Guanganmen Incident

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The Guanganmen Incident (広安門事件 Kōanmmon Jiken?), or Kuanganmen Incident, was an attack on the Japanese army by the National Revolutionary Army’s 29th Army[disputed ] that occurred on 26 July 1937 in the opening stages of the Second Sino-Japanese War in Beiping, now Beijing, which was the under the control of the Hebei–Chahar Political Council. It occurred following the Marco Polo Bridge Incident of 7 July, and the Langfang Incident of 25 July.

At the time, the Chinese army was already amassing in large numbers at Baoding and Shijiazhuang in the southern half of Hebei and at Datong in Shanxi, and had the Japanese army enclosed on all side in the Fengtai District, while on the Japanese side, newly mobilized units of the Kwantung Army and the Japanese Korean Army were in the process of reaching the area of Tianjin and Beiping. The Kuanganmen Incident was an incident that occurred while the degree of tension between the two armies was increasing.[1]

The attack[edit]

The 2nd Battalion of the 2nd China Garrison Infantry Regiment under Major Hirobe[2] was bound with 26 trucks for the Japanese barracks within the walls of Beijing in order to provide protection to Japanese residents.[3][disputed ] Takuro Matsui, the head of the Special Service Agency, had had discussions beforehand with the authorities of the Hebei–Chahar Political Council concerning passage of troops through the gates of Guang'anmen just outside Beiping and had gotten the approval of the mayor Qin Dechun. However, when Major Tokutaro Sakurai, a military and political advisor to the Council, proceeded to Guang'anmen at about 6:00 PM to establish contact, the Chinese troops on guard kept the gate closed. Finally after more talks, the gates were opened at around 7:30 PM and the Japanese units started to pass through, but once the first 3 trucks had crossed the Chinese started to fire upon them. Two thirds of the units got through when the gate was suddenly shut, dividing Hirobe’s troops inside and outside the gate.[2] They were receiving unexpectedly heavy fire from machine guns as well as grenades and because Japanese and Chinese advisors failed to calm down the Chinese troops,[2] at 8:00 PM the Japanese attacked in response from both inside and outside the gates.[3][disputed ] The Chinese side received reinforcements and surrounded the Japanese but even though a relief column was dispatched by Masakazu Kawabe, commander of the brigade in the Fengtai District, at 9:30 PM, negotiations with the Chinese had produced a proposal according to which the Chinese army would keep its distance while the Japanese inside the gates would move to the grounds of their legation within the walls and the Japanese left outside would proceed back to Fengtai. A little after 10:00 PM the fighting stopped and at about 2:00 AM the next day Hirobe’s unit entered the barracks in the legation.[2] The total casualties of the Japanese army in the fighting were 2 dead and 17 wounded. Both of the dead held the rank of superior private, and the breakdown of the wounded was one major, one captain, one sergeant, two superior privates, one private first class, seven privates second class, two attached civilians, and one news reporter. The interpreter who was travelling with Tokutaro Sakurai was also killed in action.[3][disputed ]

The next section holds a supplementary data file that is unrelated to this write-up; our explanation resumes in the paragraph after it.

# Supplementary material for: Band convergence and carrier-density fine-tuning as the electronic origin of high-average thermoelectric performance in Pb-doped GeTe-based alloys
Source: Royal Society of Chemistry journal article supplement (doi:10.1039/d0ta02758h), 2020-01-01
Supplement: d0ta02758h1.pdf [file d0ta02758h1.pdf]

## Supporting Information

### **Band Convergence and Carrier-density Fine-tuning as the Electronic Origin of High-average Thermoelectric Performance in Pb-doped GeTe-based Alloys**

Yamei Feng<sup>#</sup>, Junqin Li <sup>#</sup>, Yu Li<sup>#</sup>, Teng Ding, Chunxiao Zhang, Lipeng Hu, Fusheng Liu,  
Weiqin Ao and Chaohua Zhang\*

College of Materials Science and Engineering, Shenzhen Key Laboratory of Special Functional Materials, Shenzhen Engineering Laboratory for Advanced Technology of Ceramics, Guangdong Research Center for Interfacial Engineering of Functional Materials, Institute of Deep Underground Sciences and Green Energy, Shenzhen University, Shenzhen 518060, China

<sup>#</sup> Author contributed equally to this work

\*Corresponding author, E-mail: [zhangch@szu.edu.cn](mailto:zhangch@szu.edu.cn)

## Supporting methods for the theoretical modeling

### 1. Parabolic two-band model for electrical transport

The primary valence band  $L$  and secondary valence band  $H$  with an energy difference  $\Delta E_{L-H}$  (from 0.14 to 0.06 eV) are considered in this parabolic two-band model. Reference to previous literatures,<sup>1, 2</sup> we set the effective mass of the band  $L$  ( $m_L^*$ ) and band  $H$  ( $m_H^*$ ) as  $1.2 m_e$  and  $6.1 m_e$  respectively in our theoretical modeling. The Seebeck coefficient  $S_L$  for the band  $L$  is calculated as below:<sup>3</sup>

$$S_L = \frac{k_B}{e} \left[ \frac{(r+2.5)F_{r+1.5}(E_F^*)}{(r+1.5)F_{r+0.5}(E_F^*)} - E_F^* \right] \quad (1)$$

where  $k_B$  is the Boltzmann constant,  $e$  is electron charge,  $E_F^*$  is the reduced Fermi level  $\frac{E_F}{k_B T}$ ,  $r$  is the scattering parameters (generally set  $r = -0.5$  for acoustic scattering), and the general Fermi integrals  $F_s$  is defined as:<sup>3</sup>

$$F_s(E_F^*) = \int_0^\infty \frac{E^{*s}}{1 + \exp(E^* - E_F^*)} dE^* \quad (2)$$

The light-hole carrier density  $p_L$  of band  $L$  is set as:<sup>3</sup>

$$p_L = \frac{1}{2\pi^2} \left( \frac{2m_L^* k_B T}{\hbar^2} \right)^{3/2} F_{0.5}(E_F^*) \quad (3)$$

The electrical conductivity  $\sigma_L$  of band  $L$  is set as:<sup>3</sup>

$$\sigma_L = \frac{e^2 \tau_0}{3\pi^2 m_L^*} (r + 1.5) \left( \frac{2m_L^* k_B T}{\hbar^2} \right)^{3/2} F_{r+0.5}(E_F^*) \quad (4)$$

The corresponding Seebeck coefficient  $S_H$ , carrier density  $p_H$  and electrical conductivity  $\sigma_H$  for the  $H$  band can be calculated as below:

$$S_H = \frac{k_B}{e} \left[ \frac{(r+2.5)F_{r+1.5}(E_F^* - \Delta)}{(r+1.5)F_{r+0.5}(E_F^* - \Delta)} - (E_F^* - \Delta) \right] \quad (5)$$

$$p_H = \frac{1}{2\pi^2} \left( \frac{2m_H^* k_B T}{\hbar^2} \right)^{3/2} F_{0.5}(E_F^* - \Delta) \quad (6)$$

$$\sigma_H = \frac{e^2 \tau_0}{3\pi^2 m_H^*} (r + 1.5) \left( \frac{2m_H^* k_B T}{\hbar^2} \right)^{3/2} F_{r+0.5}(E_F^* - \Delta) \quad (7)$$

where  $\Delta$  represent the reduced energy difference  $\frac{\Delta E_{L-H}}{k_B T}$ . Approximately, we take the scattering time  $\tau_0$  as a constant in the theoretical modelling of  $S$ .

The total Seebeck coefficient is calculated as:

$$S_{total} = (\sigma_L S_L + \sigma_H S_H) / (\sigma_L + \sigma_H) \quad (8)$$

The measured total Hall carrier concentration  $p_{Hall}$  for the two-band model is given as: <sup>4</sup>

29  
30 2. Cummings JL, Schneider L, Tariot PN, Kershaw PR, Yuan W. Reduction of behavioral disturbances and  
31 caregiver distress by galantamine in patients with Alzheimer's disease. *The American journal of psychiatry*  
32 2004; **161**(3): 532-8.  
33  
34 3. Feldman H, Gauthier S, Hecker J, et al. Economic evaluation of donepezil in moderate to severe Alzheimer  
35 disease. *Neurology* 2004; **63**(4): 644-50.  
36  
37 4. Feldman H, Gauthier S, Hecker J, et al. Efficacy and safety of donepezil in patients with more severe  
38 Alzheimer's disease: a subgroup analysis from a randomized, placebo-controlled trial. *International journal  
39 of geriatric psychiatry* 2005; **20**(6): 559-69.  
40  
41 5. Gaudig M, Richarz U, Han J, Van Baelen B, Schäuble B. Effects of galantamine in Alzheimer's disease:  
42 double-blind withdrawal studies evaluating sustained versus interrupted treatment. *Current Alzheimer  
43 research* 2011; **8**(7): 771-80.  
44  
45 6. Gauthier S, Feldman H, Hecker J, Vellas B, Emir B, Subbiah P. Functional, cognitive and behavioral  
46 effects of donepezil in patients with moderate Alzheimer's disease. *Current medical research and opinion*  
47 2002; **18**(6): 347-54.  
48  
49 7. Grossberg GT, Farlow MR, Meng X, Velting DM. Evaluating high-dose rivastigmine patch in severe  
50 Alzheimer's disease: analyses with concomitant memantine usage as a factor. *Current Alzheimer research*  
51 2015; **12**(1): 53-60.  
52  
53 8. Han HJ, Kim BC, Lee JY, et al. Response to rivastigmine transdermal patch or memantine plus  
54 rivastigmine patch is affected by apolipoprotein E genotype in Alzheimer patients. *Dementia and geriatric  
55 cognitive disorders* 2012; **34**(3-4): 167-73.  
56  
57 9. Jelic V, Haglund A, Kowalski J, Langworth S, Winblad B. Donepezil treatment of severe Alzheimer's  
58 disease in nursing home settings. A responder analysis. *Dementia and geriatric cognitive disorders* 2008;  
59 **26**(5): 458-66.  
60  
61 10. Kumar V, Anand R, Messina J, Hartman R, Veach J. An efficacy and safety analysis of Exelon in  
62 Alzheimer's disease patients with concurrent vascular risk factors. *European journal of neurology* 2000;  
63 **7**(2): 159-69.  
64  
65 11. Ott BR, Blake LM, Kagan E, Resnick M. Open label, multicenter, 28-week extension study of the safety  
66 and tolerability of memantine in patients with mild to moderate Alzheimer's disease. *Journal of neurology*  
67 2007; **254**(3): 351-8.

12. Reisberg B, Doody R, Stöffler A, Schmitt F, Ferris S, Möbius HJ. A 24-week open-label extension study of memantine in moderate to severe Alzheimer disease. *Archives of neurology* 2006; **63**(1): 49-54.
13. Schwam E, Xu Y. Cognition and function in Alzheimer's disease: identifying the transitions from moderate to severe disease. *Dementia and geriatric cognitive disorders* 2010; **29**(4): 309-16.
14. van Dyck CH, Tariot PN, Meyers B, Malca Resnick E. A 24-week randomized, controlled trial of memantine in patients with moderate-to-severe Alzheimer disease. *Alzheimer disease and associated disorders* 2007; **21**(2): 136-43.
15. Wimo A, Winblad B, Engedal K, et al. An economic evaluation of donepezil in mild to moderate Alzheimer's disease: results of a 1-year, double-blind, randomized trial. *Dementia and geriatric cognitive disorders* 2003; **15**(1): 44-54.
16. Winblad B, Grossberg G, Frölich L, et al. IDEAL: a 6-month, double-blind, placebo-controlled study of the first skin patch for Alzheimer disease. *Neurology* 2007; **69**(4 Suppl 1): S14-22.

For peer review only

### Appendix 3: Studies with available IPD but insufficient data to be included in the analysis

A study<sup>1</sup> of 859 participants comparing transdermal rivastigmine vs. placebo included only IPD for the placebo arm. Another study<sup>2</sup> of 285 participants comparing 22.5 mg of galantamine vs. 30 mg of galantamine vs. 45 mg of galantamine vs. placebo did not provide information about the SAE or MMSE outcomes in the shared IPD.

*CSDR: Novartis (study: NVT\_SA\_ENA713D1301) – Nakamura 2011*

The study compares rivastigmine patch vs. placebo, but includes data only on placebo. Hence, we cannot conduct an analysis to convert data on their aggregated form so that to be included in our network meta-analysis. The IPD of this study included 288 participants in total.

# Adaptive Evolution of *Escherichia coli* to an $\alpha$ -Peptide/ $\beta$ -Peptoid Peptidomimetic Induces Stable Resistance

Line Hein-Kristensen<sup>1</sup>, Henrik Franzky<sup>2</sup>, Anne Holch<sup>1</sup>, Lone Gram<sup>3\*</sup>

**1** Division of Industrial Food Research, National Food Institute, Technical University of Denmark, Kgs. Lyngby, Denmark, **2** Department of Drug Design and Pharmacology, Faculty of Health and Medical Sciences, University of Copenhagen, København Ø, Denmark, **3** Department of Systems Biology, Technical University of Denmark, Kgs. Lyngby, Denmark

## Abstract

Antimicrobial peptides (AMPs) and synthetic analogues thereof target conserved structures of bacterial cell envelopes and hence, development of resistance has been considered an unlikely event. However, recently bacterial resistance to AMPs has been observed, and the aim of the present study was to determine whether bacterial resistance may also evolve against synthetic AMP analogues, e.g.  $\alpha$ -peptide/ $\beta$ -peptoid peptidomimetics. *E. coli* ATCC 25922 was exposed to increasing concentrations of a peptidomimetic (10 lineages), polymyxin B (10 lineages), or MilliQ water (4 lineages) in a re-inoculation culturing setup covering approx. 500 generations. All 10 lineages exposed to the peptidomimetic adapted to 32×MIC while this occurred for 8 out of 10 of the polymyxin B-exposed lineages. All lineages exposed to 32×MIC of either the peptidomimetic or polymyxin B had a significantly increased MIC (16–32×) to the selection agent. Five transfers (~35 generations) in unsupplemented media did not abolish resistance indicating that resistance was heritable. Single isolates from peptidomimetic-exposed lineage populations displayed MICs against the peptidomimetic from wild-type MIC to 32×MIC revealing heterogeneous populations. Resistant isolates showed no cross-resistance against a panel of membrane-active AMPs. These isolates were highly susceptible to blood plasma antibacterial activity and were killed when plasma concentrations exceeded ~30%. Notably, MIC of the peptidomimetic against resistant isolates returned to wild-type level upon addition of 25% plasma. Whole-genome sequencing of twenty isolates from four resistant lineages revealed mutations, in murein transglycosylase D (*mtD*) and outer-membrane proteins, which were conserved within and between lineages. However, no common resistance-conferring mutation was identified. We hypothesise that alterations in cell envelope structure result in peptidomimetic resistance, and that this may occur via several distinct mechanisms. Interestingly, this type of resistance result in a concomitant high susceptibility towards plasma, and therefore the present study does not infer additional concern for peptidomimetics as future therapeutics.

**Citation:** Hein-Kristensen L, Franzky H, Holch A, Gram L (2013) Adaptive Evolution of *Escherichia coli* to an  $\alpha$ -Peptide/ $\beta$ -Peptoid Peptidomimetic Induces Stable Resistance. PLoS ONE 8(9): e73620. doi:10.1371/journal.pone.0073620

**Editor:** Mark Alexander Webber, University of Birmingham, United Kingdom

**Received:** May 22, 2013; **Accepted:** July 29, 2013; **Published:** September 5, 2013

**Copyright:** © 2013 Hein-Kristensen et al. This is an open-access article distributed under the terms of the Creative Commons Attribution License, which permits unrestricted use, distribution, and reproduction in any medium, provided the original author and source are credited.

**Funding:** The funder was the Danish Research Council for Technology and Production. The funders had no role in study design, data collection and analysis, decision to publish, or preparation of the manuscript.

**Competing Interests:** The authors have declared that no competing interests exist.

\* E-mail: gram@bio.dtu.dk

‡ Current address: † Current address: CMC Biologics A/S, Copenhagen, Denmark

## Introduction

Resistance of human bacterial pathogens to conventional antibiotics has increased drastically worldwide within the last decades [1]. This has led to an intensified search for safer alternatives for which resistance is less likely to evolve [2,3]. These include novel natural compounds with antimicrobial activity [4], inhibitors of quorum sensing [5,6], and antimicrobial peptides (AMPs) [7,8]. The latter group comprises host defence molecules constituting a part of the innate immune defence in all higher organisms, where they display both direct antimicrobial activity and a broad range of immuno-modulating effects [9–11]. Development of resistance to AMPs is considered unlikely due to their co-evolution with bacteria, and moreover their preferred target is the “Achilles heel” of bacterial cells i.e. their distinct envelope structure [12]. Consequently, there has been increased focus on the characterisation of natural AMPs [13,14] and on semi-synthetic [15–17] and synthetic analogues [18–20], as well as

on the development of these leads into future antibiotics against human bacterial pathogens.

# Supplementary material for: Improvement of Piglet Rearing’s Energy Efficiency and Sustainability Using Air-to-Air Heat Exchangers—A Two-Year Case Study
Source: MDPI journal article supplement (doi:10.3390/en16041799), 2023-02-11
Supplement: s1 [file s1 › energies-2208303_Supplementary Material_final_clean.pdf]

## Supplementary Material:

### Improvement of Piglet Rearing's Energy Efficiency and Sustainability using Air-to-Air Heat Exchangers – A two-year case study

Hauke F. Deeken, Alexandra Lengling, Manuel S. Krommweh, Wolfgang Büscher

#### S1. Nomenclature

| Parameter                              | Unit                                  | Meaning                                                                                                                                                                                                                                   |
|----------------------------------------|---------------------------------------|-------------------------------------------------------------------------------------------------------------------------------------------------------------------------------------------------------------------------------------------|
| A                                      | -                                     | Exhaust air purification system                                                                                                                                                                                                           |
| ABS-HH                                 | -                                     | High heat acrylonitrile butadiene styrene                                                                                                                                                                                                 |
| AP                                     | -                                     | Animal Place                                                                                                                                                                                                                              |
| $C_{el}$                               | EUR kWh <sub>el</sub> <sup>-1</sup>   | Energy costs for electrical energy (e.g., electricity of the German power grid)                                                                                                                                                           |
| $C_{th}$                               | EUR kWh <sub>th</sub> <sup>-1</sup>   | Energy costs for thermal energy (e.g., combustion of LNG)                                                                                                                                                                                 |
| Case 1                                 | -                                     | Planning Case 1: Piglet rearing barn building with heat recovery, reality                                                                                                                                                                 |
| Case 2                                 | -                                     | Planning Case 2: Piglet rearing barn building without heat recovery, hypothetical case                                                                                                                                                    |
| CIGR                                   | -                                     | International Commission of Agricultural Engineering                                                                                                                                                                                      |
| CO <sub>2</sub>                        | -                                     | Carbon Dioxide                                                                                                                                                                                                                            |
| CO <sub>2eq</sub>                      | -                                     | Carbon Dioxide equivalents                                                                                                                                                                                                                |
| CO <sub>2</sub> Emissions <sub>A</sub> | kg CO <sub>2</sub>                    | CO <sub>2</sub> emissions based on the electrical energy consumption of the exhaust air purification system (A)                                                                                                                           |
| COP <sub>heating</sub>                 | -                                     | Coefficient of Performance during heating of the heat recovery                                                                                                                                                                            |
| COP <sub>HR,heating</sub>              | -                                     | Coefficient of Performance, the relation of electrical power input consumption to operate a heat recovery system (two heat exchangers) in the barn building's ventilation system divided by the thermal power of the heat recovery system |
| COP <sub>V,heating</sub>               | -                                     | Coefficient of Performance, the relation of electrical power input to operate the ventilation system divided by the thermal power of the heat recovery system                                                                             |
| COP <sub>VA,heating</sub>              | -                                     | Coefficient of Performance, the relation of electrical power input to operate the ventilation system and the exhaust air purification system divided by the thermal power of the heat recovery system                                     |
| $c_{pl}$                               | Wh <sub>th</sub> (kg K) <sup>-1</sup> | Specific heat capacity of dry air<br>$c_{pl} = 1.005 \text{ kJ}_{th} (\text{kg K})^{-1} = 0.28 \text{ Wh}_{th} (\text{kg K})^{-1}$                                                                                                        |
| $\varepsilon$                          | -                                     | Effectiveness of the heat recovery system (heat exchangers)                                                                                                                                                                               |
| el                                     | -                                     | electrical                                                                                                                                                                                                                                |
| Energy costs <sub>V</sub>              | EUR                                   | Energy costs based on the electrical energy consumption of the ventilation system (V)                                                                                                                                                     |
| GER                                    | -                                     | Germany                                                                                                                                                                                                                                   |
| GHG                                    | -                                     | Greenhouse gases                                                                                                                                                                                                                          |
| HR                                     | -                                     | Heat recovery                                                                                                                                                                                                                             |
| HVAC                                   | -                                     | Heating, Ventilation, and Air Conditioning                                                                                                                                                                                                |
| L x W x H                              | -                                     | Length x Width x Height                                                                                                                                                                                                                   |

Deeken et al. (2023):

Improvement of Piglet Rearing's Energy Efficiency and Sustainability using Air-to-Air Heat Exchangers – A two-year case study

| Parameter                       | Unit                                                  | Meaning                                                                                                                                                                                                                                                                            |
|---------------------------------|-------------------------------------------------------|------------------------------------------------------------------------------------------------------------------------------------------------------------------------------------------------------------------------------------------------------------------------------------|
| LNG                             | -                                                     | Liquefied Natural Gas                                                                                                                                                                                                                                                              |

Impact of the incident[edit]

The Japanese China Garrison Army judged from this incident and the clash at Langfang that prospects for a peaceful resolution were over and at 2:00 AM on 28 July[4] they repudiated their request from the previous day in response to the Langfang Incident that each unit of China’s 29th Army pull back according to a time frame,[5] and instead notified Song Zheyuan, the head of the Hebei–Chahar Political Council and commander of the 29th Army, that “China’s frequent aggressive activities and violations of agreements are something our army is no longer able to endure patiently. Since we above all cannot at all forgive your deceitful acts at Guanganmen, which you turned into a grave event that insulted our army, our army will now act on its on accord.” The Japanese furthermore advised the Chinese to withdraw all their forces within Beiping to spare it the ravages of the coming battle.[3][disputed ]

From early morning the Japanese China Garrison Army readied the posts needed to attack the Chinese around Beiping and Tianjin and proclaimed that they did not see the people of Hebei as their enemies and had no intention to acquire northern China, but rather were considering the rights and interests of all nations and the safety and the life and property of their citizens. The same message was announced as a speech from the Chief Cabinet Secretary.[6]

The Japanese launched their assault against the Chinese army in the area of Beiping on 28 July and in Tianjin the Chinese attacked at midnight. The Japanese were victorious on all fronts and in two days mopping up operations were complete.

See also[edit]

References[edit]

  1. ^ Toshiya Iko『満州事変から日中全面戦争へ』 Yoshikawa Kobunkan、2007 ISBN 978-4642063326
  2. ^ a b c d Senshi Sosho Volume 86 p.216-217
  3. ^ a b c d Press Corps of the War Ministry of Japan 1937 p.6
  4. ^ Senshi Sosho Volume 86 p.225.
  5. ^ Press Corps of the War Ministry of Japan 1937 p.4-6
  6. ^ Press Corps of the War Ministry of Japan 1937 p.7-8

Bibliography[edit]

  • Press Corps of the War Ministry of Japan「朗坊事件以後」『官報附録 週報』 Cabinet Printing Bureau 4 August 1937.[disputed ]
  • Senshi Sosho 支那事変陸軍作戦<1>昭和十三年一月まで (Volume 86) Asagumo Shinbun-sha, July 1975.

Coordinates: 39°54′50″N 116°23′30″E / 39.91389°N 116.39167°E / 39.91389; 116.39167